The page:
Sisters Nonoka and Nina Mashimo, aged five and three, spent last Saturday morning dabbing paint on traditional Japanese Daruma dolls, which bore more than a passing resemblance to the Merlion. They were participating in a workshop in Tokyo led by Singaporean lifestyle label Supermama, which came up with the concept of merging the Merlion and the Daruma, regarded as a talisman for good luck. This was part of the Singapore: Inside Out (SGIO) showcase in Tokyo, which ended its three-day run yesterday. More than 7,000 people have attended the SGIO and its partner events.
The purpose of SGIO, says Singapore Tourism Board (STB) chief executive officer Lionel Yeo, is to “refresh perceptions of Singapore by showcasing its vibrant creative scene and to catalyse collaborations and opportunities for our talents”.
Unlike the first SGIO series in 2015, which featured only works by Singaporeans in a roving exhibition to Beijing, London and New York before returning home, the works this year were jointly put together by 13 Japanese and Singaporean creatives across diverse disciplines. Civil servant Hideya Mashimo, 31, who took his family to the event, says he was surprised at how the exhibits were a “seamless blend of Singapore and Japanese creativity”. The SGIO’s revival comes as the Singapore Tourism Board unveiled its new tagline, Passion Made Possible, with a focus on stories and forming deeper connections.
On the next SGIO leg in Sydney, to be held from Nov 3 to 5, another fresh showcase will feature 20 Singaporean and Australian artists. Flower designer Takashi Kimura, 35, of plantica, has been a regular fixture at Japanese cultural events in Singapore. But it was the first time he worked with Singaporean sound artist Zulkifle Mahmod – on Each Sound Is A Flower. The sounds of Singapore were given a visual response in the form of more than 200 plant species selected by Mr Kimura, who says the SGIO showcased the maturity of Singapore’s young art scene.
Another first is the joint effort by Singaporean performance artist Daniel Kok, also known as diskodanny, and Japanese costume designer Miho Shimizu. Both were classmates at Goldsmiths College in London more than 20 years ago. But with SGIO came the chance for them to work together and their immersive showcase Xhe may come to Singapore next year.
Meanwhile, David Wang, 25, of Japanese design studio Ishinomaki Lab, says working with Supermama was a chance to “create a new language and a new body of work”. Their exhibit, “made in Japan, but designed in Singapore”, pays homage to cultural icons of both countries.
Besides the main SGIO showcase at the minimalist Bank Gallery in the trendy Omotesando district, there were also partner events, some of which are still ongoing. A chilli crab-inspired dessert is on sale at Dominique Ansel Bakery’s Omotesando store until Sept 10, for 2,400 yen (S$30) each. Twenty- five pieces will be available daily. This was jointly created by head chef Malcolm Lee of one-Michelin star Peranakan restaurant Candlenut with chef Ansel. It packs a blend of flavours familiar to Singaporeans, including dark chocolate, white chocolate, mango mousse, tapioca pearls, pandan jelly and coconut panna cotta.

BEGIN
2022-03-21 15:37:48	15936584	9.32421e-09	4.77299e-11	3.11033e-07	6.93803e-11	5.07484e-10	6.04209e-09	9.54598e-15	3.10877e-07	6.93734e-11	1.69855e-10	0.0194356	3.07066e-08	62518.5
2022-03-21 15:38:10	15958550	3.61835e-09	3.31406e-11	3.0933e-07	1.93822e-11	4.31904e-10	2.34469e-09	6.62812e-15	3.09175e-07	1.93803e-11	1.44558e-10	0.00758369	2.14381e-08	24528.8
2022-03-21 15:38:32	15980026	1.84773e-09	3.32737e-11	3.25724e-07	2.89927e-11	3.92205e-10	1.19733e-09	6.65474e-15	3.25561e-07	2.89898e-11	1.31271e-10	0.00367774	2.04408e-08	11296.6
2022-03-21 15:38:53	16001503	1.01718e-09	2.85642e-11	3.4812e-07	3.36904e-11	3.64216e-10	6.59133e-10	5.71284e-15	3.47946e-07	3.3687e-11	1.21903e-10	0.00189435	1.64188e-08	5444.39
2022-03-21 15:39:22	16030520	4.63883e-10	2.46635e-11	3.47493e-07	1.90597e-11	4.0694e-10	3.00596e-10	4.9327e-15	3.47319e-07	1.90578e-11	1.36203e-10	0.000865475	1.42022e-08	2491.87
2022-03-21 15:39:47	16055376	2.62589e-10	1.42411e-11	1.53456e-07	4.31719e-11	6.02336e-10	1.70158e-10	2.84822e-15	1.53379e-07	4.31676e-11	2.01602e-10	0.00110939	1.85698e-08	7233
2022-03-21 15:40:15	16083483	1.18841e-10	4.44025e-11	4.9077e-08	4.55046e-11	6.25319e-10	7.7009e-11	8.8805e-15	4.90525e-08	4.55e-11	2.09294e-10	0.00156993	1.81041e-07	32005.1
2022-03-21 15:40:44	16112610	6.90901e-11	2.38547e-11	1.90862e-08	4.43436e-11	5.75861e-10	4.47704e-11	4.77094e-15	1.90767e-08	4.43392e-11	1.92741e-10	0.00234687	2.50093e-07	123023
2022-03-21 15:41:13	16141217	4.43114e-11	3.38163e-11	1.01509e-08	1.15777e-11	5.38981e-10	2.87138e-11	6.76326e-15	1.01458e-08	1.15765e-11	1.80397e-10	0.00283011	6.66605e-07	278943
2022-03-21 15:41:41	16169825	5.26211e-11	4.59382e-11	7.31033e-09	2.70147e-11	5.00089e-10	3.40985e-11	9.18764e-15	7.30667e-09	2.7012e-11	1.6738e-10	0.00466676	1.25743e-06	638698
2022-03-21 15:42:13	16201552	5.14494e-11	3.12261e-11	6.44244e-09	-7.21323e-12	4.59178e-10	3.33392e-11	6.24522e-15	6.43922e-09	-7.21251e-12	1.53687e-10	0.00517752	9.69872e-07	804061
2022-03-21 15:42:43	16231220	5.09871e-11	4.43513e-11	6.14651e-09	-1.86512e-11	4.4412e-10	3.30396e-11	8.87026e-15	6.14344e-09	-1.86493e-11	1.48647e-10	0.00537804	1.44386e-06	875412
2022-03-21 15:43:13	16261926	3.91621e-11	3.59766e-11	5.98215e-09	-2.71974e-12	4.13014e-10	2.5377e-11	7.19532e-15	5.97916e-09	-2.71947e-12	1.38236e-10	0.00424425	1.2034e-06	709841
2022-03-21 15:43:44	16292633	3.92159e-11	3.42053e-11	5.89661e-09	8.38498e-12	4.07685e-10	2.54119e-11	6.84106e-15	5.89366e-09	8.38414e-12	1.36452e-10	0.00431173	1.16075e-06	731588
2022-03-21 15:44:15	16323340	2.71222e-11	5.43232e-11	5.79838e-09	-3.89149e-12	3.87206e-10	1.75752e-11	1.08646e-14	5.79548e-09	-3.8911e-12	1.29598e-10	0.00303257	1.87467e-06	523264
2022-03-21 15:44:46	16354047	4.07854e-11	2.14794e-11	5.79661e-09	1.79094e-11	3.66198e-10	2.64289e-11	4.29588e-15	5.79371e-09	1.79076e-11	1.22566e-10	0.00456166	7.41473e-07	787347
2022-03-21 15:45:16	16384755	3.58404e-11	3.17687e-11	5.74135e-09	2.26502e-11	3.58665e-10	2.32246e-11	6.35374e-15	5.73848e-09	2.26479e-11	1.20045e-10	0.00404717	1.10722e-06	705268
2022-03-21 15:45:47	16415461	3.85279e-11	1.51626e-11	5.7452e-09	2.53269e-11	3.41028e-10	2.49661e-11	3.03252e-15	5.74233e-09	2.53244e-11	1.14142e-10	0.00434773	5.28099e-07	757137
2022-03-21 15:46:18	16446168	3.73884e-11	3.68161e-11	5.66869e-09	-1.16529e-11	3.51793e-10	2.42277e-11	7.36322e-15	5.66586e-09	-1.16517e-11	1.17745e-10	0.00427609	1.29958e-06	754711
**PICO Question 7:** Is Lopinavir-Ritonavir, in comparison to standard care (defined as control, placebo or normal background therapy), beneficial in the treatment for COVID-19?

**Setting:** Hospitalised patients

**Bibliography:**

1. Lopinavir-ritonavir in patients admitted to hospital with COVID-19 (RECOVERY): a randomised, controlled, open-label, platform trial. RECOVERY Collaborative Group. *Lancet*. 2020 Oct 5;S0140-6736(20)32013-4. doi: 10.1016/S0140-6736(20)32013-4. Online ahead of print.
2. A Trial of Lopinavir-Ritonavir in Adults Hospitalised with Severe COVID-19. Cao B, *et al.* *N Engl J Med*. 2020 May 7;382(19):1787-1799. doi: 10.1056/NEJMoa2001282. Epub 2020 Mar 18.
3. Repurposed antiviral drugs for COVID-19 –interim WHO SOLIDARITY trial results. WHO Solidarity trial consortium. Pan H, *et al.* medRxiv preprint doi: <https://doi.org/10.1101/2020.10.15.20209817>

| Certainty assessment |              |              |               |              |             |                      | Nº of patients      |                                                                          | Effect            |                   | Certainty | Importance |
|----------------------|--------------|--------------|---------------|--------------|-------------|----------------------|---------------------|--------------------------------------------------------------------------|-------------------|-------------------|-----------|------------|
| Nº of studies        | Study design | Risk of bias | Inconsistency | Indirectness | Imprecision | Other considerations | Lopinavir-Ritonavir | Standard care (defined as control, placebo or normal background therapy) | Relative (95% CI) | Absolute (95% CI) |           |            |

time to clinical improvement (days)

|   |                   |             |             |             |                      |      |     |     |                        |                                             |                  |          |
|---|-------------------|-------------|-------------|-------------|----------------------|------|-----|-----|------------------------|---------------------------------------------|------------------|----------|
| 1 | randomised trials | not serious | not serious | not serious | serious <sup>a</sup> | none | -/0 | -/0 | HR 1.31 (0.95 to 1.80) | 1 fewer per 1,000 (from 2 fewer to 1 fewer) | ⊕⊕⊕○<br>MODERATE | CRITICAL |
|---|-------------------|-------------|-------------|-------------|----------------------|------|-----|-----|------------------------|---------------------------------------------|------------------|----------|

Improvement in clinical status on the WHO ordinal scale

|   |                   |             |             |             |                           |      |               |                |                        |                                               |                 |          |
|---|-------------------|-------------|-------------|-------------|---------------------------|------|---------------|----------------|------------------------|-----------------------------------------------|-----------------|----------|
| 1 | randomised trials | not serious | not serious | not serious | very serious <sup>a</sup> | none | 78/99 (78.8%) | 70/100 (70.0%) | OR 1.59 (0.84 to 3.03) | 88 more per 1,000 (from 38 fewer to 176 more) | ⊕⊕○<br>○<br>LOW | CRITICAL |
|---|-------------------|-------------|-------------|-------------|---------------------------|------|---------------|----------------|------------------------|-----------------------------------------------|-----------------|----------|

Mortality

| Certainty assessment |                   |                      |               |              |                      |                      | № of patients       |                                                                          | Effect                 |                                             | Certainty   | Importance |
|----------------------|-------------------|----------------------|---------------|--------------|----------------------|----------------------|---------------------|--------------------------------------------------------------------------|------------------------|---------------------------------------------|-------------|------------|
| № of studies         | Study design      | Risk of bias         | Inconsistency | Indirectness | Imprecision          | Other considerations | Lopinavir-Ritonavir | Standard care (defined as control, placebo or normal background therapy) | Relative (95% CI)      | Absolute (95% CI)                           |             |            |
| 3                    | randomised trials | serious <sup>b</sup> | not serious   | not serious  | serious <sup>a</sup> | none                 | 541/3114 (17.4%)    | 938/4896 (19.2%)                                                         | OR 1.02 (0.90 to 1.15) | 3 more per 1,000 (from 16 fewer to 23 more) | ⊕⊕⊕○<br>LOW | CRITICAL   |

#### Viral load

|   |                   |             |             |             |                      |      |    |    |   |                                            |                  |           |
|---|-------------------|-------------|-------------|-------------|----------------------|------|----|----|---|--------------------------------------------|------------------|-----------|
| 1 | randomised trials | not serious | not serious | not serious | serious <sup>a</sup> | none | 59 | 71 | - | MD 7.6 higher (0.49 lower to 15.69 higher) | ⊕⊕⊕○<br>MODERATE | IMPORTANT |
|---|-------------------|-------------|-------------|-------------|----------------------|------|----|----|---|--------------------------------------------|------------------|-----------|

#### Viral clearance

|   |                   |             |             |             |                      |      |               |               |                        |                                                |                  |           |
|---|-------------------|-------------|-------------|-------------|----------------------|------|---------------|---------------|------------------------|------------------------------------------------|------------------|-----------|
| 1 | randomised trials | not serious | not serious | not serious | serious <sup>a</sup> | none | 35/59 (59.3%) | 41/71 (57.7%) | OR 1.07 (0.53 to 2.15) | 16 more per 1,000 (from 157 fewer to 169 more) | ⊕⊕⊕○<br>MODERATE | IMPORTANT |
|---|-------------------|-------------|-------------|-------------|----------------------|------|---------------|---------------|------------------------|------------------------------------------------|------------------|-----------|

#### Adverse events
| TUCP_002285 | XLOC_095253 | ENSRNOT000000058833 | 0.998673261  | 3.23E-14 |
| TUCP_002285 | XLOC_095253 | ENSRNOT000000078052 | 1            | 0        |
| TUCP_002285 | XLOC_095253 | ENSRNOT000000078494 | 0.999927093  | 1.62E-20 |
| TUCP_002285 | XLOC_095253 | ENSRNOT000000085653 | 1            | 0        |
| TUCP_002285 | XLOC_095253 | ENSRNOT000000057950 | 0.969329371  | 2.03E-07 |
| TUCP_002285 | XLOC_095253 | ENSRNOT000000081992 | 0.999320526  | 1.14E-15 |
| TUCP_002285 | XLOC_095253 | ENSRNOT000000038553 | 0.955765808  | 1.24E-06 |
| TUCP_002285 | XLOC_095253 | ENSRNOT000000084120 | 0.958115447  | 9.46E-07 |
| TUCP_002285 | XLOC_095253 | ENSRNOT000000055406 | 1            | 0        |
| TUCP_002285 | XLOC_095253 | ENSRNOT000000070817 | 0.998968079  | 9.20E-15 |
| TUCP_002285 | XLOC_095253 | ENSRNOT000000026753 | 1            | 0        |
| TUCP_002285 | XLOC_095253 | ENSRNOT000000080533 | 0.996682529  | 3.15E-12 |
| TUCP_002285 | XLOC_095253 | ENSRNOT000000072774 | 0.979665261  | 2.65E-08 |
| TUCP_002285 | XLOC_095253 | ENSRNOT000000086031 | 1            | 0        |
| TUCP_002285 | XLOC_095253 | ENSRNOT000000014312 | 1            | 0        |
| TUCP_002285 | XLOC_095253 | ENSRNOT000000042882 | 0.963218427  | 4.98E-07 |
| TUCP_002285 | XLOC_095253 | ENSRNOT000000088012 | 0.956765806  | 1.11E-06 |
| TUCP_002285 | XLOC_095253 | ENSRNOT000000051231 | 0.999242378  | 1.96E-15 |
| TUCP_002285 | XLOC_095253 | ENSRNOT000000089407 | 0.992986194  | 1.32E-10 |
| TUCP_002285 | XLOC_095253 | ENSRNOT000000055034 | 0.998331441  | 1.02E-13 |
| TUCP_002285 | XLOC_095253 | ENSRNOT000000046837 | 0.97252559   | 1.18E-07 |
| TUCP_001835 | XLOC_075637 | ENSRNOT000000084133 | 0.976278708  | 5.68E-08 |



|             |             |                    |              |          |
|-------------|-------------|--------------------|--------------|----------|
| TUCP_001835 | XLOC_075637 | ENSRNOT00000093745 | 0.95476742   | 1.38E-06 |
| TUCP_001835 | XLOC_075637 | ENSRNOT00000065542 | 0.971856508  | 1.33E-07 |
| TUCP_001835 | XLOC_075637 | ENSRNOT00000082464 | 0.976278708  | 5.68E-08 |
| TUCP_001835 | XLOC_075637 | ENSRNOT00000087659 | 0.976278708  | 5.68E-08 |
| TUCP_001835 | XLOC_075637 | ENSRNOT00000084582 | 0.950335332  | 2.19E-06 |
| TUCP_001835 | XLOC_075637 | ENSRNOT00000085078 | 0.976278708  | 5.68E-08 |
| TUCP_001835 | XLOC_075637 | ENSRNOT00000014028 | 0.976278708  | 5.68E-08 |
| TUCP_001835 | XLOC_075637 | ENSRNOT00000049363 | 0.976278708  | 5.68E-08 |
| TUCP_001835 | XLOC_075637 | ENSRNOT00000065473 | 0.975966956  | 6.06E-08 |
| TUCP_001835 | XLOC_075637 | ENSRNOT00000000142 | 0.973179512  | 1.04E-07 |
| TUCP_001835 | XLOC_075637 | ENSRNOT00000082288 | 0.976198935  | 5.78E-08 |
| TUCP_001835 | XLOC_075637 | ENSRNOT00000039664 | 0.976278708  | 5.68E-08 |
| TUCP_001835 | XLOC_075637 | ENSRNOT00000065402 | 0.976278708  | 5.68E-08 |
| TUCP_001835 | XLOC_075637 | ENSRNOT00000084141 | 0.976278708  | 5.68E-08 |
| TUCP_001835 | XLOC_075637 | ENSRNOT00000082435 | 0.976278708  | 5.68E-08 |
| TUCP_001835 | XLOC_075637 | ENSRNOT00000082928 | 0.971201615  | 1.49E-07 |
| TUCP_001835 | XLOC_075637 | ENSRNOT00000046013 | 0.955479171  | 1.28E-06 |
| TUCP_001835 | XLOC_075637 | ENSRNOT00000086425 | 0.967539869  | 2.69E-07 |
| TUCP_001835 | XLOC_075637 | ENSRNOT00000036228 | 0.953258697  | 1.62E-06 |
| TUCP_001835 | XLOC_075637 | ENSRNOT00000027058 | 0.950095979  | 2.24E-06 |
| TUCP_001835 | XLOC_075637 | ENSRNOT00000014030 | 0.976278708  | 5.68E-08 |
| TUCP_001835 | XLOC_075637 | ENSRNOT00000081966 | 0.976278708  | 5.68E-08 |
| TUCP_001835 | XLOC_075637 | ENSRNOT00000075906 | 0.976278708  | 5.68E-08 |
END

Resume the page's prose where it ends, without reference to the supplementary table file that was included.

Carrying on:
“Even we surprised ourselves,” chef Lee says. The dessert even comes with a wooden hammer for cracking open the hard white chocolate shell, fashioned to look like a crab.
Dietitian Sachiko Kato, 49, says after eating the dish: “It is surprising as it is not just chocolate or mango, but so many different flavours coming together.”
Another fusion dish to look out for is the bak kut teh ramen by chef Keisuke Takeda of the acclaimed Ramen Keisuke eatery. It will be available at three stores in Tokyo – two in Akihabara and one in Ginza – from Sept 1 to 30. It took trial and error to get the tenderness of the pork ribs right, he says. “If not stewed for long enough, the soup doesn’t taste good and the spareribs remain hard. If stewed for too long, the soup tastes good, but the spareribs don’t.”
Guests at an STB event last Friday got a first taste of the dish, which was described by travel agency JTB Corp chief executive Toru Ikuta as “bearing a strong taste of Singapore while being Japanese”.
Besides food collaborations, a pop-up store featuring 13 Singaporean fashion and accessories designers is ongoing at By Parco in Aoyama until Sept 3. Brands include crochet designer kllylmrck, jewellery atelier Carrie K and wallpaper and fabric designer Onlewo. Also present is menswear label Biro, which is known for its made-in-Japan clothing. Biro already has an ardent fan in Mr Taiki Inoue, 33, whose love affair with Singapore designers was ignited when he was working in the republic from 2012 to 2015. He tells The Straits Times that he preferred to buy from labels such as Biro and In Good Company for their craftsmanship, instead of mass-market brands.
The showcase not only reminded him of the “simple, elegant and minimalist aesthetic” favoured by some Singaporean designers, but also opened his eyes to the outlandish style of others.
“This is true to the heart of Singapore’s diversity,” he says.
This story first appeared on www.straitstimes.com
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